Tug of War in Macedonia

Will Skopje's Wiretap Scandal Drive It Closer to Russia?

A protester holds up a sign reading "resign" during an anti-government demonstration in Skopje, Macedonia, May 17, 2015. Marko Djurica / Reuters

Macedonia is embroiled in a deep political crisis. Since February of this year, over 500 wiretapped recordings of alleged conversations of various officials, including the sitting Prime Minister Nikola Gruevski and some of his cabinet members, have been released in 36 installments by Zoran Zaev, the leader of the main opposition party, who is claiming that he obtained them from a whistleblower within Macedonia’s secret police. The recordings include more than half a million conversations that took place between 2007 and 2013. If authentic, these information “bombs,” as Zaev calls them, portray shocking abuse by the ruling party in Macedonia.

For starters, they reveal control, or attempts to control, the judiciary and other branches of the government by the prime minister’s close circle. In one conversation, Filimena Manevska (wife of former justice minister Mihajlo Manevski) and Vlatko Mijalkov (cousin of the prime minister) discuss whether Ljupka Arsenievska, the president of the court of appeals is “theirs,” and can be relied on for some unspecified case. Manevska says, “She is fully ours…Go to her without hesitation. Tell her, Filimena sends me. No problem.” In another recording, Gordana Jankulovska (Minister of Internal Affairs) tells Martin Protuger (Prime Minister’s Chief of Staff) that “We can’t pay salaries to those [employed] in the institutions who were giving us a hard time during the campaign…We need a thorough analysis, to clean [the institutions] before the new government takes office.” Protuger goes on to agree, “…they need to be taught a lesson...they need to be expelled.”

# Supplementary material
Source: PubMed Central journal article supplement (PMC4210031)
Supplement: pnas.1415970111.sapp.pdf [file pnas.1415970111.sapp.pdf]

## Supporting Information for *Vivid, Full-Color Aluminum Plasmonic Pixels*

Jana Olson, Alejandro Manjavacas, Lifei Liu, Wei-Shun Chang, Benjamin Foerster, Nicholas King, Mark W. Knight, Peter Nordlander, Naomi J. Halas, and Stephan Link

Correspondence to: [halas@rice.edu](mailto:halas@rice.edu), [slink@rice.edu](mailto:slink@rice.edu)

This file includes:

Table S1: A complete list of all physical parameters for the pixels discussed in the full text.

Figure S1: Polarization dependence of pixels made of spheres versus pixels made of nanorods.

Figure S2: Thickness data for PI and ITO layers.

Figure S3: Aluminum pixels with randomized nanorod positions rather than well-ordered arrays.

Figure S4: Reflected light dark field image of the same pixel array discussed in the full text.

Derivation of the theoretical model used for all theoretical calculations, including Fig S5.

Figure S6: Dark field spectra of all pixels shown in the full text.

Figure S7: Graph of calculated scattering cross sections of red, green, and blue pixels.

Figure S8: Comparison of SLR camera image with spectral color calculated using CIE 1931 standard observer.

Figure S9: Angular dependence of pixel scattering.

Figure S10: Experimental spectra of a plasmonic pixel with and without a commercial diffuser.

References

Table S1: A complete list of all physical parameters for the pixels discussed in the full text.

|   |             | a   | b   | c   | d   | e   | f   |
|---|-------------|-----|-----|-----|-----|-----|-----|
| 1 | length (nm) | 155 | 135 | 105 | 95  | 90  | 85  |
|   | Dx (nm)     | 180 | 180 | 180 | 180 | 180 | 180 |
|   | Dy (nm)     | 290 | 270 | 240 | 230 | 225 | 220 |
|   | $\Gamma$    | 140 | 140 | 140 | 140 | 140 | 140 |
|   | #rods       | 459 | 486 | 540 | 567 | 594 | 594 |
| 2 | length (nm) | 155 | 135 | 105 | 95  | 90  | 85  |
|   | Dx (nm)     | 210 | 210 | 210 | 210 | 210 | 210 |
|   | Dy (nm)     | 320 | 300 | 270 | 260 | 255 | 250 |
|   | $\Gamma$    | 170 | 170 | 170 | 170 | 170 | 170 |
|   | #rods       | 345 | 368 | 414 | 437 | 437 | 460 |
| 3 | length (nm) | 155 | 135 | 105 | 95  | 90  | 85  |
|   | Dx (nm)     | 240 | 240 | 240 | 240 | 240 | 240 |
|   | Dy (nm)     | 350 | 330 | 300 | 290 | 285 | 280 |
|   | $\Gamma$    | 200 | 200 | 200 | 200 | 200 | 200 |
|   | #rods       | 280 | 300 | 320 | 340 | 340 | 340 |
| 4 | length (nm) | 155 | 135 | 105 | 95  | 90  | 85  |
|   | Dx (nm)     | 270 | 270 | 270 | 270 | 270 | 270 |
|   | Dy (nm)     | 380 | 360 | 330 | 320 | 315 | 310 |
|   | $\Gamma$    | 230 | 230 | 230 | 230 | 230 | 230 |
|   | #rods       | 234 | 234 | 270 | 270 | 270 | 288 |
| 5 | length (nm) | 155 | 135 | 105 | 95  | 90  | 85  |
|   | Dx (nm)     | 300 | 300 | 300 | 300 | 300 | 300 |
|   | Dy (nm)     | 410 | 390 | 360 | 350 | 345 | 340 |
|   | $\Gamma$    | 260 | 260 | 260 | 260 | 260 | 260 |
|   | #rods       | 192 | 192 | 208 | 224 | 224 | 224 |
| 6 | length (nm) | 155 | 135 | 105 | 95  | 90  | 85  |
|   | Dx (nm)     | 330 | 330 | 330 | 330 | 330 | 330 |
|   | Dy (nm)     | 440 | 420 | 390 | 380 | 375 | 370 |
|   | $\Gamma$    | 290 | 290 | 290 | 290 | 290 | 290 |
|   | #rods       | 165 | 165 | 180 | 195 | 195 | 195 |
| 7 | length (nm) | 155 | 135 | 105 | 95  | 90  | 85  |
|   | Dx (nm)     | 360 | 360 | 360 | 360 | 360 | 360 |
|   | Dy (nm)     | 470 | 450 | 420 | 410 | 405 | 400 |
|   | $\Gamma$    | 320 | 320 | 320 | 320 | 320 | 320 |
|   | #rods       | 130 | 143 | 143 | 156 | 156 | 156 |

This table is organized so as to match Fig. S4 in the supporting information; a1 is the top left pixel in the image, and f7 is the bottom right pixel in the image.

The wiretaps also suggest serious voter fraud. In one conversation about creating false registrations, an unidentified speaker advises the minister of internal affairs, “We have to be careful because we are under observation…and I fear that OSCE [Organization for Security and Co-operation in Europe] would be activated again, would start barking…” Jankulovska says in response, “I mean, you can’t have 40 new people in a village with a population of five.”

Macedonian Prime Minister Nikola Gruevski addresses

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